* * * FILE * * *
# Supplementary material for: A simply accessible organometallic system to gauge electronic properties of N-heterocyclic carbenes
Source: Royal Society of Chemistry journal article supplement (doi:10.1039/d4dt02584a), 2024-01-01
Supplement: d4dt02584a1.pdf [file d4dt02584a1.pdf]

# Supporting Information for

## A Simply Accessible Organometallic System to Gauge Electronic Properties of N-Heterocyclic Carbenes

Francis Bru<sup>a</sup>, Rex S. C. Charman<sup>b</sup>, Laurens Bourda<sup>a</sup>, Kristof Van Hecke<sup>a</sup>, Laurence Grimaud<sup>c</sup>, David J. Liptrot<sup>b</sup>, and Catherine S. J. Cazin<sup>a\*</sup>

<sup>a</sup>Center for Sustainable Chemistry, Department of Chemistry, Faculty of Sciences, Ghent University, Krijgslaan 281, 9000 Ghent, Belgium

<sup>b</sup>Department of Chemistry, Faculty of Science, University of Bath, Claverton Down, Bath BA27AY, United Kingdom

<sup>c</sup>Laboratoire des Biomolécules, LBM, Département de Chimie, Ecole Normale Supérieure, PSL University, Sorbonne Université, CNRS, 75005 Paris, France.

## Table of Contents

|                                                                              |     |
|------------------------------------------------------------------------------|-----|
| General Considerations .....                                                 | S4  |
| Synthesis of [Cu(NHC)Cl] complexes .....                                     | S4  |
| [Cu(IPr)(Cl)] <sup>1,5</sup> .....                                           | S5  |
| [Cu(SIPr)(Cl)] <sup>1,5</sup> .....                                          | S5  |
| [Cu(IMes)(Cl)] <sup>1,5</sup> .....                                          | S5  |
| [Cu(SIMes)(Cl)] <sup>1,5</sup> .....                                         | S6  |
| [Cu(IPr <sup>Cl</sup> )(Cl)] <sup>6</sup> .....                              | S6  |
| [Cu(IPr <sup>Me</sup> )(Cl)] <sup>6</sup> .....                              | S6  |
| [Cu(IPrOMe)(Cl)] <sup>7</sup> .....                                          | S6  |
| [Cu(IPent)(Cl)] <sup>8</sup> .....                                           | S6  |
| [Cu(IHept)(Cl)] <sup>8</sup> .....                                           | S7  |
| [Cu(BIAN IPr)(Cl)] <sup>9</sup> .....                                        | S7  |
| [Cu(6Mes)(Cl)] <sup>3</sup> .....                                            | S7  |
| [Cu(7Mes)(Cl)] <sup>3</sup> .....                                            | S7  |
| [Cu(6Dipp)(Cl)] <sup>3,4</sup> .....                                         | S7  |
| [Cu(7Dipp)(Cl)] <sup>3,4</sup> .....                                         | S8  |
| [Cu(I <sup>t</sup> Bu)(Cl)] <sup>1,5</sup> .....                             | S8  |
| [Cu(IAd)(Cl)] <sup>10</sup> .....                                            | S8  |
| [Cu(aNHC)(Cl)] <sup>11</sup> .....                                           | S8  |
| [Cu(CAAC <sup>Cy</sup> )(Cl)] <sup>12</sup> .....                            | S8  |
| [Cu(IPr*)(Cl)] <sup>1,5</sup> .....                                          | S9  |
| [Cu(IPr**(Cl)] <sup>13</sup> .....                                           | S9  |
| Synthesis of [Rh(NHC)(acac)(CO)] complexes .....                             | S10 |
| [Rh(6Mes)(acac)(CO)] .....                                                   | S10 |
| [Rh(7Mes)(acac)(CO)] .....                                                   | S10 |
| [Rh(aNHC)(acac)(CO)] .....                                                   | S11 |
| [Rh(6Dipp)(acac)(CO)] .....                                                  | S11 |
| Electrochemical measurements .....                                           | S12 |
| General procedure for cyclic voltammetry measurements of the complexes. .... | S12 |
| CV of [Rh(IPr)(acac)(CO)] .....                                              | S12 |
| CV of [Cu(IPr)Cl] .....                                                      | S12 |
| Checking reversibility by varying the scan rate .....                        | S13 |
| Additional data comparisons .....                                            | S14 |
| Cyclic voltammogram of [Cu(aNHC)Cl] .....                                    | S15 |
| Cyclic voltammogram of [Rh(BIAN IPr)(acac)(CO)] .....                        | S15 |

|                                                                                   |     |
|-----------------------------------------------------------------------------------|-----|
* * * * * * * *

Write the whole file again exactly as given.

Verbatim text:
# Supplementary material for: A simply accessible organometallic system to gauge electronic properties of N-heterocyclic carbenes
Source: Royal Society of Chemistry journal article supplement (doi:10.1039/d4dt02584a), 2024-01-01
Supplement: d4dt02584a1.pdf [file d4dt02584a1.pdf]

# Supporting Information for

## A Simply Accessible Organometallic System to Gauge Electronic Properties of N-Heterocyclic Carbenes

Francis Bru<sup>a</sup>, Rex S. C. Charman<sup>b</sup>, Laurens Bourda<sup>a</sup>, Kristof Van Hecke<sup>a</sup>, Laurence Grimaud<sup>c</sup>, David J. Liptrot<sup>b</sup>, and Catherine S. J. Cazin<sup>a\*</sup>

<sup>a</sup>Center for Sustainable Chemistry, Department of Chemistry, Faculty of Sciences, Ghent University, Krijgslaan 281, 9000 Ghent, Belgium

<sup>b</sup>Department of Chemistry, Faculty of Science, University of Bath, Claverton Down, Bath BA27AY, United Kingdom

<sup>c</sup>Laboratoire des Biomolécules, LBM, Département de Chimie, Ecole Normale Supérieure, PSL University, Sorbonne Université, CNRS, 75005 Paris, France.

## Table of Contents

|                                                                              |     |
|------------------------------------------------------------------------------|-----|
| General Considerations .....                                                 | S4  |
| Synthesis of [Cu(NHC)Cl] complexes .....                                     | S4  |
| [Cu(IPr)(Cl)] <sup>1,5</sup> .....                                           | S5  |
| [Cu(SIPr)(Cl)] <sup>1,5</sup> .....                                          | S5  |
| [Cu(IMes)(Cl)] <sup>1,5</sup> .....                                          | S5  |
| [Cu(SIMes)(Cl)] <sup>1,5</sup> .....                                         | S6  |
| [Cu(IPr <sup>Cl</sup> )(Cl)] <sup>6</sup> .....                              | S6  |
| [Cu(IPr <sup>Me</sup> )(Cl)] <sup>6</sup> .....                              | S6  |
| [Cu(IPrOMe)(Cl)] <sup>7</sup> .....                                          | S6  |
| [Cu(IPent)(Cl)] <sup>8</sup> .....                                           | S6  |
| [Cu(IHept)(Cl)] <sup>8</sup> .....                                           | S7  |
| [Cu(BIAN IPr)(Cl)] <sup>9</sup> .....                                        | S7  |
| [Cu(6Mes)(Cl)] <sup>3</sup> .....                                            | S7  |
| [Cu(7Mes)(Cl)] <sup>3</sup> .....                                            | S7  |
| [Cu(6Dipp)(Cl)] <sup>3,4</sup> .....                                         | S7  |
| [Cu(7Dipp)(Cl)] <sup>3,4</sup> .....                                         | S8  |
| [Cu(I <sup>t</sup> Bu)(Cl)] <sup>1,5</sup> .....                             | S8  |
| [Cu(IAd)(Cl)] <sup>10</sup> .....                                            | S8  |
| [Cu(aNHC)(Cl)] <sup>11</sup> .....                                           | S8  |
| [Cu(CAAC <sup>Cy</sup> )(Cl)] <sup>12</sup> .....                            | S8  |
| [Cu(IPr*)(Cl)] <sup>1,5</sup> .....                                          | S9  |
| [Cu(IPr**(Cl)] <sup>13</sup> .....                                           | S9  |
| Synthesis of [Rh(NHC)(acac)(CO)] complexes .....                             | S10 |
| [Rh(6Mes)(acac)(CO)] .....                                                   | S10 |
| [Rh(7Mes)(acac)(CO)] .....                                                   | S10 |
| [Rh(aNHC)(acac)(CO)] .....                                                   | S11 |
| [Rh(6Dipp)(acac)(CO)] .....                                                  | S11 |
| Electrochemical measurements .....                                           | S12 |
| General procedure for cyclic voltammetry measurements of the complexes. .... | S12 |
| CV of [Rh(IPr)(acac)(CO)] .....                                              | S12 |
| CV of [Cu(IPr)Cl] .....                                                      | S12 |
| Checking reversibility by varying the scan rate .....                        | S13 |
| Additional data comparisons .....                                            | S14 |
| Cyclic voltammogram of [Cu(aNHC)Cl] .....                                    | S15 |
| Cyclic voltammogram of [Rh(BIAN IPr)(acac)(CO)] .....                        | S15 |

|                                                                                   |     |
|-----------------------------------------------------------------------------------|-----|